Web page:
National PlayDay: Boosting Children’s Health and Well-being

Research and practice clearly shows that play is fundamental for children’s health and well-being. Unfortunately, there continue to be barriers to giving children the opportunity for exploring and learning through free, self-directed play. The International Play Association Canada (IPA Canada) is working to promote the child’s right to play. In this blog, hear from Pierre Harrison, past president of IPA Canada as he discusses why play is so important and how participating in National PlayDay in August can help bring free play back into children’s everyday lives. 


Do you remember your parents telling you, as you ran out the door, to come back home when you were hungry or when the street lights come on? If not, then maybe I am showing my age! 

Play is the essence of childhood! And when children are given the time, space and freedom to engage in self-directed play, they nurture their well-being and acquire life-long skills. However, not every child has the opportunity to delve into spontaneous play. American psychologist Peter Gray has been looking at how children interact with their environments through their self-directed play and has noted that this type of free play has been steadily decreasing since the 50’s. At the same time, anxiety, depression and suicide have been increasing in children and youth (Gray, 2011). In Ontario, the Centre for Addiction and Mental Health (CAMH) reports that amongst students from Grade 7 to 12, over one-third (39 per cent) indicate a moderate-to-serious level of psychological distress (symptoms of anxiety and depression) (CAMH, 2017). 

There are many barriers to children’s play. The top three are a lack of time, space and understanding by adults of play’s importance. Our society has become so focused on safety and academic achievement that we have lost sight of the overall well-being of our children. Adults hyper-structure and hyper-control children’s time in order to keep them safe and to prepare them for the future. By doing so, we actually do the opposite.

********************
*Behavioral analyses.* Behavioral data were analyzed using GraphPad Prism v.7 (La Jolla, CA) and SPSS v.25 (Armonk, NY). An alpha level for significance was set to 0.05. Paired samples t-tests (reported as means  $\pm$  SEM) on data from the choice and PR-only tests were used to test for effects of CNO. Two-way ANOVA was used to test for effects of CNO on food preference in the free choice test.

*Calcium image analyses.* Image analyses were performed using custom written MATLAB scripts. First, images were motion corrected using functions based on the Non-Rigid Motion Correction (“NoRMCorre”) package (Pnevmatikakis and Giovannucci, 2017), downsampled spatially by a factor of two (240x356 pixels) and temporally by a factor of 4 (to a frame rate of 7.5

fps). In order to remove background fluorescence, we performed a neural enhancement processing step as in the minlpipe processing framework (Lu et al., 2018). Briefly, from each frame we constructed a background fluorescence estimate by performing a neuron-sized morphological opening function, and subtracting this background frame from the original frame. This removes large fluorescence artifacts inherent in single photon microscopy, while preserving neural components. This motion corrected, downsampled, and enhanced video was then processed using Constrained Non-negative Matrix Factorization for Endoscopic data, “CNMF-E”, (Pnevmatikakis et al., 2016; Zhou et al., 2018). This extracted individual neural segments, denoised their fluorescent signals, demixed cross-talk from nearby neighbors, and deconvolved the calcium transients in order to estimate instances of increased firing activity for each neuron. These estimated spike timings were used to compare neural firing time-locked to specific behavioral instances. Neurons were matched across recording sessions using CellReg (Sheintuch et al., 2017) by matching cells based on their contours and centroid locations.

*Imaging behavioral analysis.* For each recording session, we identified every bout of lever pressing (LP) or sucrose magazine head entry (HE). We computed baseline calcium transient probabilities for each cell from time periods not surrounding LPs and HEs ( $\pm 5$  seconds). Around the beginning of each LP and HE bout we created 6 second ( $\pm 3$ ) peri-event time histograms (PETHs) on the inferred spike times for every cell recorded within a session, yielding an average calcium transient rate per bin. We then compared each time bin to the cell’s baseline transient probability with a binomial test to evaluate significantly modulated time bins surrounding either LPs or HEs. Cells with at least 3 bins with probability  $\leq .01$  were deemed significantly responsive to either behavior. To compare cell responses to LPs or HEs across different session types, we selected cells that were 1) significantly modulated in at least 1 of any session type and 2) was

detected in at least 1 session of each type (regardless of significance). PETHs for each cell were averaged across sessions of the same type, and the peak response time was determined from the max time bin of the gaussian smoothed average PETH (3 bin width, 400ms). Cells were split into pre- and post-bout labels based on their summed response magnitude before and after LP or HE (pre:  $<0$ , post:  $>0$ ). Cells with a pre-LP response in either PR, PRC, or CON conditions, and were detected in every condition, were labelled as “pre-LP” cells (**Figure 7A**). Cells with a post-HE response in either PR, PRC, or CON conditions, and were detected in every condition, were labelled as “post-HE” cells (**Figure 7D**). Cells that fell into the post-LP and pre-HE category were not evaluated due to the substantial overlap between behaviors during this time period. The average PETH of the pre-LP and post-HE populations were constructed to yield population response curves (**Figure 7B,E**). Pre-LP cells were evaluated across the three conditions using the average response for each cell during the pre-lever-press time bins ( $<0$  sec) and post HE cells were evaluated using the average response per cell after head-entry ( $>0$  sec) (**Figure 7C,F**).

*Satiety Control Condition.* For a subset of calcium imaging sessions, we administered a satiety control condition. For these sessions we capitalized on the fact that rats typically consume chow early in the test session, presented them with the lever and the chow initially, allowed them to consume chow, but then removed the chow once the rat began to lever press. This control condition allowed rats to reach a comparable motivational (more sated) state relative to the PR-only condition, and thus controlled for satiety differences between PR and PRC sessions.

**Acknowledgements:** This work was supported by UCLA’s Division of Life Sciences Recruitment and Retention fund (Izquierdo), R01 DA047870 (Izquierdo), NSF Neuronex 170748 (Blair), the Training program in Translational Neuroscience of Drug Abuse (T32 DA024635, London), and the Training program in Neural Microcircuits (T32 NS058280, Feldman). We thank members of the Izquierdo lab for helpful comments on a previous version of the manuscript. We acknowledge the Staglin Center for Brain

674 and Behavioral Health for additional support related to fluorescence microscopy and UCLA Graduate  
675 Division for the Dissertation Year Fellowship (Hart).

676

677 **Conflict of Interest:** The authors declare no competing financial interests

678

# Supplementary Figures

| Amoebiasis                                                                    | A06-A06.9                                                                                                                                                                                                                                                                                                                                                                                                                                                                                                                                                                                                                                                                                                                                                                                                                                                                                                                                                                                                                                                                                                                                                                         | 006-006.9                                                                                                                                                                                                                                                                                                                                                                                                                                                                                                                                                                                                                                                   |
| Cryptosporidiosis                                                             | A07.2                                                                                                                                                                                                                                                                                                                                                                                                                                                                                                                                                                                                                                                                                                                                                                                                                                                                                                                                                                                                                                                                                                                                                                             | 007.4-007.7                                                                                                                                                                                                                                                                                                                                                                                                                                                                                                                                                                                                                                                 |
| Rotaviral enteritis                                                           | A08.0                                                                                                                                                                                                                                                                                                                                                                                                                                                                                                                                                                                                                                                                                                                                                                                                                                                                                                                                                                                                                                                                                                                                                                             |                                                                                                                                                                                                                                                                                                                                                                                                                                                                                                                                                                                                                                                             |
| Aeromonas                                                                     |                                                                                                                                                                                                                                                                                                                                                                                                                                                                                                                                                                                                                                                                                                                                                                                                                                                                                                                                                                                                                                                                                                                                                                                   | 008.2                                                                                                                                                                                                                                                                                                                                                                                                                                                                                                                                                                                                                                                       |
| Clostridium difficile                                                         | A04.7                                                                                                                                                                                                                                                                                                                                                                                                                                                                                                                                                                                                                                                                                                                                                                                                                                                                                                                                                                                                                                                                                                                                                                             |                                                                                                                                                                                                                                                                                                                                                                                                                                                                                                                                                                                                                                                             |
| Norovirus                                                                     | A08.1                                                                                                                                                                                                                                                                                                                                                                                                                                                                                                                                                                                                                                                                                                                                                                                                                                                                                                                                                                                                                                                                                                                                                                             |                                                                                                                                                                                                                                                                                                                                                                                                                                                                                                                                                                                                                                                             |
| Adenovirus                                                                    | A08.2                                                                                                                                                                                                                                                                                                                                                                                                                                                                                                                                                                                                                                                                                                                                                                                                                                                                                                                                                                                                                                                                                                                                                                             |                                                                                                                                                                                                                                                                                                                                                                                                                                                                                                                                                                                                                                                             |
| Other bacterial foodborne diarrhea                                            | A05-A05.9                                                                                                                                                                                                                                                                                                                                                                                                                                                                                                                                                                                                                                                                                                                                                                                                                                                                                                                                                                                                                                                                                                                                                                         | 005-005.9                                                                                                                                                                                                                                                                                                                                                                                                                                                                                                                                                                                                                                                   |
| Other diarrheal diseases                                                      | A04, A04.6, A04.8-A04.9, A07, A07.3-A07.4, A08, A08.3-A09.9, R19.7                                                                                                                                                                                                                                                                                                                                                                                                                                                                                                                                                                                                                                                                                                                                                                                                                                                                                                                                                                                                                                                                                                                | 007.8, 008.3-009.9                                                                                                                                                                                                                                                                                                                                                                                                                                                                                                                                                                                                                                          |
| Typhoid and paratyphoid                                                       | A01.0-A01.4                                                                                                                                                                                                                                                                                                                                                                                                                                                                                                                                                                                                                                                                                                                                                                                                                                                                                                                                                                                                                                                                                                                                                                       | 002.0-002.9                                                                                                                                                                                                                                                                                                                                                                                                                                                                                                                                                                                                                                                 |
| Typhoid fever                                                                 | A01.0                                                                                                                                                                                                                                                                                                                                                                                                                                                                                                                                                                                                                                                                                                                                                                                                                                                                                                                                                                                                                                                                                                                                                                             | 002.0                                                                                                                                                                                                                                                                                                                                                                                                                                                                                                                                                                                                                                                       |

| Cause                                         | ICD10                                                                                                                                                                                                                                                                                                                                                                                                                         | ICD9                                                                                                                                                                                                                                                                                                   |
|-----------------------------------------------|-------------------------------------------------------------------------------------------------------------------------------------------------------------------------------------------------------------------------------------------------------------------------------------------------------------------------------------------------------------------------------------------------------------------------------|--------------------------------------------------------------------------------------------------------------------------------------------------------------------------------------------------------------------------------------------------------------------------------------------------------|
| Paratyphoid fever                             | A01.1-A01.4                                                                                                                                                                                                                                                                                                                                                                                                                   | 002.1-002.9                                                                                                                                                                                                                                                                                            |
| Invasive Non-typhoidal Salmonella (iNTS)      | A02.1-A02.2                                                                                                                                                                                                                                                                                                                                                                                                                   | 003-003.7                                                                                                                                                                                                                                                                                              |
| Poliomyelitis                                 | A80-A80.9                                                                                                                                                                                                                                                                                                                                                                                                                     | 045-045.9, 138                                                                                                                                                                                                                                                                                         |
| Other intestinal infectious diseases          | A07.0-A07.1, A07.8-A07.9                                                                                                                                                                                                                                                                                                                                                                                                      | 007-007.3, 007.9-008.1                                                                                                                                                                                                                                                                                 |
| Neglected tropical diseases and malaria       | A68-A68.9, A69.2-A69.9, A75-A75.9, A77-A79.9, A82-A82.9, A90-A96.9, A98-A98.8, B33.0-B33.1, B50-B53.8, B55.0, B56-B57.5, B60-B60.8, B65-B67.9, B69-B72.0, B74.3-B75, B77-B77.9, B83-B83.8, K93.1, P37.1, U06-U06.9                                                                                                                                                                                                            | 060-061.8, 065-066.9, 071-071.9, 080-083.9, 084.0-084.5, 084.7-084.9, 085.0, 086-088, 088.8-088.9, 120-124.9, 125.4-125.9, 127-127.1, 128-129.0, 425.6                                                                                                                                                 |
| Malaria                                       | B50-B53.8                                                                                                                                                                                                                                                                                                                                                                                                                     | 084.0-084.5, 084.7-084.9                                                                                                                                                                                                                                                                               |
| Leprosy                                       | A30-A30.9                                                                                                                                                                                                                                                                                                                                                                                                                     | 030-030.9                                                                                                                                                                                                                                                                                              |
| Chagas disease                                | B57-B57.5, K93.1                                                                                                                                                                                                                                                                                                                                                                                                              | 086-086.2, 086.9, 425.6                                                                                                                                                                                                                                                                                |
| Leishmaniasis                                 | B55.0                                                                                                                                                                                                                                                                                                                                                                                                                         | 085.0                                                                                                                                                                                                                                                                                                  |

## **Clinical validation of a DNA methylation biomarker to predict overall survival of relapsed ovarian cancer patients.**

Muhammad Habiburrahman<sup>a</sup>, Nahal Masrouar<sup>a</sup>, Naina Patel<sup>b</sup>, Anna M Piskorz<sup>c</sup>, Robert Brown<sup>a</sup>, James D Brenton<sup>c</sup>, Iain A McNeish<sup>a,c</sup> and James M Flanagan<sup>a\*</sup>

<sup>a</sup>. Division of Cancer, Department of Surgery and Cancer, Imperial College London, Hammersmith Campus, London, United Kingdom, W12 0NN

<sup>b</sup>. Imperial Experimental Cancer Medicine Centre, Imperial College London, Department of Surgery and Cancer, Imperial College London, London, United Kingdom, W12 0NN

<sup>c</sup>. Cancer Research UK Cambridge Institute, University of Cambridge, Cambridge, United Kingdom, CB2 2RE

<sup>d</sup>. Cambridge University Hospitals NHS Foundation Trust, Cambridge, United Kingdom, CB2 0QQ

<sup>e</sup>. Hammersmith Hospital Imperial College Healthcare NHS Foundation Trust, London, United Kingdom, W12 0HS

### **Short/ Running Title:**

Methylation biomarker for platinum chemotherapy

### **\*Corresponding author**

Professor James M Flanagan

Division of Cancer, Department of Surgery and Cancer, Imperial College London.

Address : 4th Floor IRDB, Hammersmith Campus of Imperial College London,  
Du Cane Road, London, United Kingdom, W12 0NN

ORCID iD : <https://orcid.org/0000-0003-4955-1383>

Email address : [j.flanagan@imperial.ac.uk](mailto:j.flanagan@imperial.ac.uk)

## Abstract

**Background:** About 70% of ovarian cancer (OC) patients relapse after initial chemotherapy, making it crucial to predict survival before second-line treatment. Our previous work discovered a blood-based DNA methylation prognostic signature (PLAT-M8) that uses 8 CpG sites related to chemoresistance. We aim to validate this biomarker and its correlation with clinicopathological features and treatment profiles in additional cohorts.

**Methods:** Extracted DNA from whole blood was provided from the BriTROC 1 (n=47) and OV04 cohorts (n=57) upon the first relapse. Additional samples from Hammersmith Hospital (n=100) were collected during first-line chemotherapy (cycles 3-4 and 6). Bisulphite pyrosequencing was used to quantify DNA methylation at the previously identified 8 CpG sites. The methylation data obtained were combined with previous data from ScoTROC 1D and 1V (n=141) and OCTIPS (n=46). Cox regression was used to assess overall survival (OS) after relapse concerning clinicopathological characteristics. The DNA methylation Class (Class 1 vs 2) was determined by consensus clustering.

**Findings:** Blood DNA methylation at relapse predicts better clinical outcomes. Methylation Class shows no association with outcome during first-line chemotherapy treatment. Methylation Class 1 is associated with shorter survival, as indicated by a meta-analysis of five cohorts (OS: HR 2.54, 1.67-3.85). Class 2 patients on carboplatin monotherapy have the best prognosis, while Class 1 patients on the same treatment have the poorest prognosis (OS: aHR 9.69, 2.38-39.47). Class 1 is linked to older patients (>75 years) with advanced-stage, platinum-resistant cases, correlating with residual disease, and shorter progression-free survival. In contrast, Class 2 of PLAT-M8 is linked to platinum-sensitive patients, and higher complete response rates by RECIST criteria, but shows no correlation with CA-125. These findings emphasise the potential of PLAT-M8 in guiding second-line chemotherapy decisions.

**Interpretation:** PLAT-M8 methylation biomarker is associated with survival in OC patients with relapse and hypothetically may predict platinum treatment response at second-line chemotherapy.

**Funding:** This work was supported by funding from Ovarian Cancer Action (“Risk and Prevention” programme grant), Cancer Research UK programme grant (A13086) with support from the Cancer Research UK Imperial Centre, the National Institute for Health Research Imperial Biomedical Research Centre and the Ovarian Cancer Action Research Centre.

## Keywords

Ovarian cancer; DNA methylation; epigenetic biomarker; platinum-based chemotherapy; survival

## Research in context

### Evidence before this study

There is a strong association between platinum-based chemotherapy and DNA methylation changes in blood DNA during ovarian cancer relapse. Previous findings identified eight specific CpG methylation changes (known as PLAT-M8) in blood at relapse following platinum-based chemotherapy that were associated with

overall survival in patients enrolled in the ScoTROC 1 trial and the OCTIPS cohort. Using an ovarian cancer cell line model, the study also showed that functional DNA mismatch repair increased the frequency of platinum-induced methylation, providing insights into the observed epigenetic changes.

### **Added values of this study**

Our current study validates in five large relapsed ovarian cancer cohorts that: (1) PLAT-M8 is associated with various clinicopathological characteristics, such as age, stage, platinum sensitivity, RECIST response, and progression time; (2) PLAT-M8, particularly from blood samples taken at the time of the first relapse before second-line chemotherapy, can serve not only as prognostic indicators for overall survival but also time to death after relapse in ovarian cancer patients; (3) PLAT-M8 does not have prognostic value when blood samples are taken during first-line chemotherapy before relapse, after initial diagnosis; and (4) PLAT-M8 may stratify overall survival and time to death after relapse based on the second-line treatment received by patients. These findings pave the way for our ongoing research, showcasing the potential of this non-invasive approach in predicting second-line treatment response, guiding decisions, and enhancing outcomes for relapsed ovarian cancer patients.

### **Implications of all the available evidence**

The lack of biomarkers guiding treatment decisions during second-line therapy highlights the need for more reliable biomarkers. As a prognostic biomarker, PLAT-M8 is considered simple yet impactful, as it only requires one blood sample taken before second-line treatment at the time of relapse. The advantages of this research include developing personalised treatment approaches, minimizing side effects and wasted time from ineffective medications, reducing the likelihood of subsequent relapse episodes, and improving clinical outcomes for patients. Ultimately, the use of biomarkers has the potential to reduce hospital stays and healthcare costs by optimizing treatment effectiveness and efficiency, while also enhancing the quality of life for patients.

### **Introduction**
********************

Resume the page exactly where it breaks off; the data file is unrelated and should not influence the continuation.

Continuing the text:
It is well-established through research and practice that play is essential to a child’s physical health and emotional well-being. Play stimulates all aspects of a child’s development, i.e., the physical, social, cognitive, emotional and spiritual aspects. It is through their self-directed play that children, armed with curiosity and a spirit of inquiry, explore their physical and social environments and construct knowledge about the world around them. It is through their various types of play that children prepare themselves for life: when they are allowed to explore risk, they learn to identify and evaluate situations in order to take risks that are appropriate to their abilities; when they play with others, they learn to collaborate and negotiate social interactions; when they are free to explore various materials and tools they nurture their imagination, creativity and develop their problem-solving skills. When children are free to explore the world around them, they will face stress and difficult situations which will allow them to acquire coping skills. This nurtures children’s resilience and self-confidence which will help them navigate all of life’s challenges.

The IPA Canada has been promoting this type of child-structured, free play for decades. Our National PlayDay initiative, which we rebooted in 2018, aspires to shine the spotlight on play in order to build awareness for its importance in children’s healthy development. IPA Canada has declared the first Wednesday of August as National PlayDay and encourages municipalities, community groups and individuals to host a play day on that day or into the weekend to spark conversations around the fundamental necessity of play. For more information about play and National PlayDay, please visit our website  where you can download our free PlayDay manual.  

This summer, we invite you to join us in prioritizing play and nurturing children’s well-being! 

Pierre Harrison 

Past President, IPA Canada 

International Play Association: 

Promoting the Child’s Right to Play 

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